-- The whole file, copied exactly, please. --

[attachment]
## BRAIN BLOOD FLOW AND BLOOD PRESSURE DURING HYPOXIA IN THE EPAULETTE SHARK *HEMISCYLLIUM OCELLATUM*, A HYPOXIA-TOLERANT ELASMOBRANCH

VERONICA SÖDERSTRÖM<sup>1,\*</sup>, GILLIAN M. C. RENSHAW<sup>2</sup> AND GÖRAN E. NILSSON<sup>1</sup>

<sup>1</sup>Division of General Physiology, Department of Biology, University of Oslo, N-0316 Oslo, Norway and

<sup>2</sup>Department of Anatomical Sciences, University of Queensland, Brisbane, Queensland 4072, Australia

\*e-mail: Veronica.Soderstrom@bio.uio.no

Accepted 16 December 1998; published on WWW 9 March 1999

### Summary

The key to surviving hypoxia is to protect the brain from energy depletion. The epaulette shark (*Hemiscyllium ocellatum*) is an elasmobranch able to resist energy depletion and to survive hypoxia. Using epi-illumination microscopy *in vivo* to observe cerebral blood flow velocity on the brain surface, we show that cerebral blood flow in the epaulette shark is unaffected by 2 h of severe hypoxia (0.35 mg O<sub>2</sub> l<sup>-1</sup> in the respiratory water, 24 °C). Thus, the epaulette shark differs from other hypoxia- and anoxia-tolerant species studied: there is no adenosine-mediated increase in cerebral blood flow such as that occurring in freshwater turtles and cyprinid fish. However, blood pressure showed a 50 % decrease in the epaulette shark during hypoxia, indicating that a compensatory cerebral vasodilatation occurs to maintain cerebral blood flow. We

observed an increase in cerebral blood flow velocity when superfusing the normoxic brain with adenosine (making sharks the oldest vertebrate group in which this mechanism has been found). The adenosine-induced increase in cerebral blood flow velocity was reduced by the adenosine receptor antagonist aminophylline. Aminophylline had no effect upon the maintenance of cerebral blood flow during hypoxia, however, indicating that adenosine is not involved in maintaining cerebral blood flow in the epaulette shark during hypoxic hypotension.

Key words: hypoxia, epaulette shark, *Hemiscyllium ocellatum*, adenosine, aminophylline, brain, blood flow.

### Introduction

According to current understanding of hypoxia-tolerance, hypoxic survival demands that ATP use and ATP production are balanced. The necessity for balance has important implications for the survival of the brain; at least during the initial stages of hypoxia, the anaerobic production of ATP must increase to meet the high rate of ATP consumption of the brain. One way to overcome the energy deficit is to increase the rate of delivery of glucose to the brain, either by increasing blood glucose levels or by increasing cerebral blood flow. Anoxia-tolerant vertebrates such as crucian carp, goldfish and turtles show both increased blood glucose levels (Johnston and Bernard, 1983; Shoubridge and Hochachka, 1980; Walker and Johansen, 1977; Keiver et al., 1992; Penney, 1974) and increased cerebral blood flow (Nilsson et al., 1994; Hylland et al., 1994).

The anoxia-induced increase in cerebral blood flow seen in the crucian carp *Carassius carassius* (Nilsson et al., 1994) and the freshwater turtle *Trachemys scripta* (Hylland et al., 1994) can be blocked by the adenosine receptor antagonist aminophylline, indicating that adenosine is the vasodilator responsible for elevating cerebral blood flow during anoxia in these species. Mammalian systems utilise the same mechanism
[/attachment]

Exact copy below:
## BRAIN BLOOD FLOW AND BLOOD PRESSURE DURING HYPOXIA IN THE EPAULETTE SHARK *HEMISCYLLIUM OCELLATUM*, A HYPOXIA-TOLERANT ELASMOBRANCH

VERONICA SÖDERSTRÖM<sup>1,\*</sup>, GILLIAN M. C. RENSHAW<sup>2</sup> AND GÖRAN E. NILSSON<sup>1</sup>

<sup>1</sup>Division of General Physiology, Department of Biology, University of Oslo, N-0316 Oslo, Norway and

<sup>2</sup>Department of Anatomical Sciences, University of Queensland, Brisbane, Queensland 4072, Australia

\*e-mail: Veronica.Soderstrom@bio.uio.no

Accepted 16 December 1998; published on WWW 9 March 1999

### Summary

The key to surviving hypoxia is to protect the brain from energy depletion. The epaulette shark (*Hemiscyllium ocellatum*) is an elasmobranch able to resist energy depletion and to survive hypoxia. Using epi-illumination microscopy *in vivo* to observe cerebral blood flow velocity on the brain surface, we show that cerebral blood flow in the epaulette shark is unaffected by 2 h of severe hypoxia (0.35 mg O<sub>2</sub> l<sup>-1</sup> in the respiratory water, 24 °C). Thus, the epaulette shark differs from other hypoxia- and anoxia-tolerant species studied: there is no adenosine-mediated increase in cerebral blood flow such as that occurring in freshwater turtles and cyprinid fish. However, blood pressure showed a 50 % decrease in the epaulette shark during hypoxia, indicating that a compensatory cerebral vasodilatation occurs to maintain cerebral blood flow. We

observed an increase in cerebral blood flow velocity when superfusing the normoxic brain with adenosine (making sharks the oldest vertebrate group in which this mechanism has been found). The adenosine-induced increase in cerebral blood flow velocity was reduced by the adenosine receptor antagonist aminophylline. Aminophylline had no effect upon the maintenance of cerebral blood flow during hypoxia, however, indicating that adenosine is not involved in maintaining cerebral blood flow in the epaulette shark during hypoxic hypotension.

Key words: hypoxia, epaulette shark, *Hemiscyllium ocellatum*, adenosine, aminophylline, brain, blood flow.

### Introduction

According to current understanding of hypoxia-tolerance, hypoxic survival demands that ATP use and ATP production are balanced. The necessity for balance has important implications for the survival of the brain; at least during the initial stages of hypoxia, the anaerobic production of ATP must increase to meet the high rate of ATP consumption of the brain. One way to overcome the energy deficit is to increase the rate of delivery of glucose to the brain, either by increasing blood glucose levels or by increasing cerebral blood flow. Anoxia-tolerant vertebrates such as crucian carp, goldfish and turtles show both increased blood glucose levels (Johnston and Bernard, 1983; Shoubridge and Hochachka, 1980; Walker and Johansen, 1977; Keiver et al., 1992; Penney, 1974) and increased cerebral blood flow (Nilsson et al., 1994; Hylland et al., 1994).

The anoxia-induced increase in cerebral blood flow seen in the crucian carp *Carassius carassius* (Nilsson et al., 1994) and the freshwater turtle *Trachemys scripta* (Hylland et al., 1994) can be blocked by the adenosine receptor antagonist aminophylline, indicating that adenosine is the vasodilator responsible for elevating cerebral blood flow during anoxia in these species. Mammalian systems utilise the same mechanism